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Poilievre targets Bloc in bid for Quebec votes

By Althia Raj / September 15, 2023

The Conservative party has set its target on the Bloc Québécois and the fight for Quebec votes may get ugly.

The party’s convention was centre stage for leader Pierre Poilievre’s dual strategy this weekend – a charm offensive toward soft nationalists and an aggressive campaign against the Bloc, which holds the seats the Tories may need to form a majority government.

Those around Poilievre believe he’s well-placed to shatter the modern party’s 12-seat ceiling in the province and uniquely positioned to show Quebecers he’s a Conservative leader unlike any other.

Anyone watching Friday’s convention speeches would have noticed Poilievre and his wife’s seduction efforts.

In introducing her husband, Anaida, a Venezuelan-born refugee brought up in Montreal, repeatedly cited the province’s nationalist-tinged motto “Je me souviens.”

She spoke of the Quebec bands she listened to as a teen (Les Colocs, Dubmatique), and the shows she watched on TV (“La petite vie,” “Watatatow”). “It’s Quebecois that I speak because ‘I remember’ that it is Quebec that welcomed me when my family and I immigrated to Canada,” she said, en français.

Poilievre cited lyrics from the group Mes Aïeux’s popular song “Dégénarations” (carefully referencing a part involving “dreams of land ownership” rather than the line about “frequent abortions”). He spoke admiringly of the province protecting its language and culture, the genius of its hydroelectric know-how, and pledged to “always be an ally” for Quebec. If that was too subtle, he twice shouted from the stage: “Vive la nation Québécoise!” (‘Long live the Quebecois nation!’)

The party’s Quebec courtship will work this time, members of his team told the Star, because Poilievre faces none of the challenges leaders before him experienced.

Stephen Harper couldn’t emotionally connect with Quebecers, Andrew Scheer couldn’t shake off the abortion question, and Erin O’Toole suffered from nationalist voters feeling attacked and clinging to the Bloc.

“(Poilievre’s) wife is a francophone – a Quebecer who understands Quebec … He’s a francophone who lost his French and had to relearn it,” a senior adviser said.

“To win in this province, you need to become loved,” said this source, who spoke on condition of anonymity in order to speak candidly. Leaders must show charisma, sensitivity and where their values will lead them. “Poilievre has an emotional intelligence that Harper didn’t have. He’s warm and can connect with people … Plus, no one will be able to say that Poilievre is against immigrants because he married a refugee,” they added.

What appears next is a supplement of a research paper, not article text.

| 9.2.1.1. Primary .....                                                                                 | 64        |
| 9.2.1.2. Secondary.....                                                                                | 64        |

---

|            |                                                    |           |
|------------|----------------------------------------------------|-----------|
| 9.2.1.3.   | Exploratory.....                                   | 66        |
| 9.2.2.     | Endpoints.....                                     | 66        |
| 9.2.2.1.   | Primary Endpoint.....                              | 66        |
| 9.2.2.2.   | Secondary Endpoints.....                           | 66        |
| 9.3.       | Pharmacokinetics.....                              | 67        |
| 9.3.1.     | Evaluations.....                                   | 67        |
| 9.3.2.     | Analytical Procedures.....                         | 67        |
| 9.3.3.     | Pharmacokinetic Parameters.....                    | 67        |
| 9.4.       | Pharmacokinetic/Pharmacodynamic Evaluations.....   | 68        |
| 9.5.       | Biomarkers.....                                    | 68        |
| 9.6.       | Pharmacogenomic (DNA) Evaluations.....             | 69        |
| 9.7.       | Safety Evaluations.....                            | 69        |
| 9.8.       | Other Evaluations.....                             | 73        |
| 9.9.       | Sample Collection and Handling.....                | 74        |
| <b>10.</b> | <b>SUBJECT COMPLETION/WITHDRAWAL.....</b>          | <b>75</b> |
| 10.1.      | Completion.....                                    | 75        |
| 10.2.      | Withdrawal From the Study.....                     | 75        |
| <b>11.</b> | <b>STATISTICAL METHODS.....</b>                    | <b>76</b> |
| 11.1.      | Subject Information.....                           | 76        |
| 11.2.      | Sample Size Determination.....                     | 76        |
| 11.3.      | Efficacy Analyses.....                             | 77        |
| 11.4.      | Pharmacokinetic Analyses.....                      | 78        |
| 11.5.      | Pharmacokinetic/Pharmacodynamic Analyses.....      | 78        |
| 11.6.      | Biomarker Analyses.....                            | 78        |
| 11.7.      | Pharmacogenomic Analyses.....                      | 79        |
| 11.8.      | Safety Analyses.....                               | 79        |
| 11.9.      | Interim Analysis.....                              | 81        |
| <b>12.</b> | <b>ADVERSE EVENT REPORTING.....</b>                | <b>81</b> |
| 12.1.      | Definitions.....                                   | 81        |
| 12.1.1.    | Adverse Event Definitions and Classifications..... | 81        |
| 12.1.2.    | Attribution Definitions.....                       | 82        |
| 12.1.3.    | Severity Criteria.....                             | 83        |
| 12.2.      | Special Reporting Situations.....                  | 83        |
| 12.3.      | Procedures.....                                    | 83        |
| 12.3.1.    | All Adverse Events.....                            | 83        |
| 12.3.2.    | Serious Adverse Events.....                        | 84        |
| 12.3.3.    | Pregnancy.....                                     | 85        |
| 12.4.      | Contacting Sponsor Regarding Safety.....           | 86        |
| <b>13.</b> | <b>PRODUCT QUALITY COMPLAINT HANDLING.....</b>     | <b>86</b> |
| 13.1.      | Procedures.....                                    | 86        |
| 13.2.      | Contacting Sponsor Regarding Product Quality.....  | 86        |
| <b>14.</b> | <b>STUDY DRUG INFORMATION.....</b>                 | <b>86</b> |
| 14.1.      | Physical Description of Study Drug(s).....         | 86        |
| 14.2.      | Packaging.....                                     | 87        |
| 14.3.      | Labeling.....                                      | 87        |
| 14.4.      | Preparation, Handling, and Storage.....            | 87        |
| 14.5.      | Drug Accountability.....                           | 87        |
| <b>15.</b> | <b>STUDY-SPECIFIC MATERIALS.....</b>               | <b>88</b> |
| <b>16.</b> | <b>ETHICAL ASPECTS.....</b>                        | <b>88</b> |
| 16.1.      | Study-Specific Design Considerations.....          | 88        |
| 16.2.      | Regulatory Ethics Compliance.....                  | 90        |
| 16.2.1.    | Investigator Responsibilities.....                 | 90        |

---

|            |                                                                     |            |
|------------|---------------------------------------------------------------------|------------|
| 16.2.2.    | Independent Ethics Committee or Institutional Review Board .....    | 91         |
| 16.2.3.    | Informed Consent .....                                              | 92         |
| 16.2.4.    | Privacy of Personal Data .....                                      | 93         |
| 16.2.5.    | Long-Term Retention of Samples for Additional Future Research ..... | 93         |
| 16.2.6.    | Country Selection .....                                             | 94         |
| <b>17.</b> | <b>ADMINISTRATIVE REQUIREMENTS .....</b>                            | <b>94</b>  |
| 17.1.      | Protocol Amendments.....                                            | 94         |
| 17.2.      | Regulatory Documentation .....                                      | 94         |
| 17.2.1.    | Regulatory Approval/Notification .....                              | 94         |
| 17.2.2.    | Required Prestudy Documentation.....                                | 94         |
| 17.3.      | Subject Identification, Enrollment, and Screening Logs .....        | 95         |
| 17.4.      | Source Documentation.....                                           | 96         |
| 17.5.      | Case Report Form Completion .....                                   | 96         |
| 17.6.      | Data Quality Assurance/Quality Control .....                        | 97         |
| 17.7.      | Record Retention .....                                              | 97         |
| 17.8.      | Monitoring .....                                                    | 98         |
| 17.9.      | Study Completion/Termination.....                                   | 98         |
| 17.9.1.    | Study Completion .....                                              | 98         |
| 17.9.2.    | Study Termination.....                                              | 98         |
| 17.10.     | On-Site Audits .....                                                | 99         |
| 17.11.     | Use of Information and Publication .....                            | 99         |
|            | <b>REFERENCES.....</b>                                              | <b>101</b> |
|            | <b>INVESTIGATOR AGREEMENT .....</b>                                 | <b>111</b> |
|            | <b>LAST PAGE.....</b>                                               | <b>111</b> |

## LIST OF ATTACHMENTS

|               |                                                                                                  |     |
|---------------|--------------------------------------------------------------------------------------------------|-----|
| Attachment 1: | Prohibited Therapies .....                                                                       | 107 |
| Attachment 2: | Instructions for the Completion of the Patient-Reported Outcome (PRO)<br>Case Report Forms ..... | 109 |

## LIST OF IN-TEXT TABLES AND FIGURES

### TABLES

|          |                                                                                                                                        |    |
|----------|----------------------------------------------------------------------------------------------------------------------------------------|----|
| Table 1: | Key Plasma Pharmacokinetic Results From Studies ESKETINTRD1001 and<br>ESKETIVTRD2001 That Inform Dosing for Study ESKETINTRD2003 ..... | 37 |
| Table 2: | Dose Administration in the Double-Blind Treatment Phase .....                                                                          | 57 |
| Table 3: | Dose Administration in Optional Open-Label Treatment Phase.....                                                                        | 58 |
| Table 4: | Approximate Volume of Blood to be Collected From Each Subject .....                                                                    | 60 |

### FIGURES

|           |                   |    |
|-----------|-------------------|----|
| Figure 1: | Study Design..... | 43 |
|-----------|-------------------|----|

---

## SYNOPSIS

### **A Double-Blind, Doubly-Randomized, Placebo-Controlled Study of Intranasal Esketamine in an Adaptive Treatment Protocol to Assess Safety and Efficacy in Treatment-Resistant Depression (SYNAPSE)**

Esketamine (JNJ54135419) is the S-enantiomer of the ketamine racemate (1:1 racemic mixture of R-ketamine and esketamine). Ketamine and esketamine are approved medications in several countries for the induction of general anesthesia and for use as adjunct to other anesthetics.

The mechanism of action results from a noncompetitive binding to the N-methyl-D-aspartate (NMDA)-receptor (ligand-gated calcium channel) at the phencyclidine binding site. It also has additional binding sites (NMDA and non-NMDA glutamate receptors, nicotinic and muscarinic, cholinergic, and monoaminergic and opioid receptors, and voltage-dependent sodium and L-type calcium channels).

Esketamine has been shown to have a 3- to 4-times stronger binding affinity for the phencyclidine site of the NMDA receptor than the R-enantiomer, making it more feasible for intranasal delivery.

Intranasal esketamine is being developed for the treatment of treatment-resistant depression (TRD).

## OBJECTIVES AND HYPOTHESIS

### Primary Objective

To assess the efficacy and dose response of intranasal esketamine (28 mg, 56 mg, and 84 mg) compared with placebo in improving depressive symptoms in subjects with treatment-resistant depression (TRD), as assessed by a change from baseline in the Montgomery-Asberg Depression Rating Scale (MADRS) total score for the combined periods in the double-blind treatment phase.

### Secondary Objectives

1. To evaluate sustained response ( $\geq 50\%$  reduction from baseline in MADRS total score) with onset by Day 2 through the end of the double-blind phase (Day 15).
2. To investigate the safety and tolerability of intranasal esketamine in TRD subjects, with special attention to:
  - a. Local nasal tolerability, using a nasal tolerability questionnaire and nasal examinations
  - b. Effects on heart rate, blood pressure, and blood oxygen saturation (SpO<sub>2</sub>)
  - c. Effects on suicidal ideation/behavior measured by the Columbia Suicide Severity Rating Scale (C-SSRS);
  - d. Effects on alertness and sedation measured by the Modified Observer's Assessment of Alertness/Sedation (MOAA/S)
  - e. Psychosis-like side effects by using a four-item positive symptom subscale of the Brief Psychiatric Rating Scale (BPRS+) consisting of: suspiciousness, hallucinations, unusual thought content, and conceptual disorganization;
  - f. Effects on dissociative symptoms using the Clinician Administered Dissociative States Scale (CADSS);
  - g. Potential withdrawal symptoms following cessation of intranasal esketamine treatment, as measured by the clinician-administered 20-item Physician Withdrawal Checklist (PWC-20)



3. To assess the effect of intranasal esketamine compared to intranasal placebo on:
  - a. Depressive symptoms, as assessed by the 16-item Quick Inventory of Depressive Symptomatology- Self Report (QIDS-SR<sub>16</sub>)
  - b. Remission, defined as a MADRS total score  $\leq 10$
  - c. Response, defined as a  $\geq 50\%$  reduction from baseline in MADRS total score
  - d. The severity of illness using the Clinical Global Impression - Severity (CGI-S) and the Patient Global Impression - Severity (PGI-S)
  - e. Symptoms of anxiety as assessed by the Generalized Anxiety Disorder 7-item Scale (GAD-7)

For Quebec voters, who tend to be more liberal than the rest of the country, two other factors are at play: Poilievre has said he’s pro-choice and he told Canadians last year his father is gay.

“We think we have the right formula,” the adviser said.

Still, it’s not enough to be liked, you must give people a reason to vote for you.

And here, the party also believes it has a winning strategy – tying the Bloc Québécois to the increasingly unpopular Liberals and suggesting the nationalist party is working against voters’ interest in Ottawa.

Last Tuesday, the party started running TV ads targeting the Bloc for propping up Trudeau, using the tag line: “It costs a lot to vote Bloc.”

The attack-style ads use clips of Bloc MPs in Parliament calling on the federal government to increase the price of carbon to address the climate crisis. Quebec has its own cap-and-trade system and isn’t subject to the federal backstop.

But the ad somewhat confuses the issue, talking about a federal carbon tax when referencing new clean fuel regulations that Ottawa estimates will increase the price of gas by 16 cents when it fully kicks in 2030. “It’s crass disinformation,” Bloc MP Denis Trudel complained to radio station FM 103.3 last week.

Not so, insisted another adviser, Poilievre’s Quebec lieutenant, MP Pierre Paul-Hus.

“What we are demonstrating with the ads and the examples is that Quebecers aren’t really aware of what the Bloc is doing,” he told the Star. “We are using facts – their own words – to show that the Bloc isn’t necessarily working in the interest of Quebecers as they pretend – and that is something that has never been done before (by the party).”

More ads, on other subjects, are on the way.

If the Bloc is a target, it’s not just because the province’s 78 seats are ripe for the picking, but also because many Quebecers park their vote with the centre-left party even if they don’t align ideologically with it on all matters.

From the 1990s until 2011, the Bloc held 50 to 72 per cent of the province’s seats. Harper tried to court Bloc voters by declaring that the Quebecois formed a nation within a united Canada, but he never obtained more than 12 seats. Scheer and O’Toole held on to 10, though the Quebec Conservative caucus is down to nine after MP Alain Rayes quit last year, suggesting Poilievre’s “hateful” and “toxic” rhetoric on social media, his lack of concern for climate change, and his unwillingness to stand up for law and order in the face of Donald Trump-style attacks against democratic institutions left him feeling like he no longer belonged in his party.

Twelve months later, those comments still bite. They are the biggest challenge the party says it faces in trying to reframe Poilievre. “First impressions matter,” said the adviser. “That planted a narrative that is false, but one we need to work hard to combat.”

Twitter: @althiaraj

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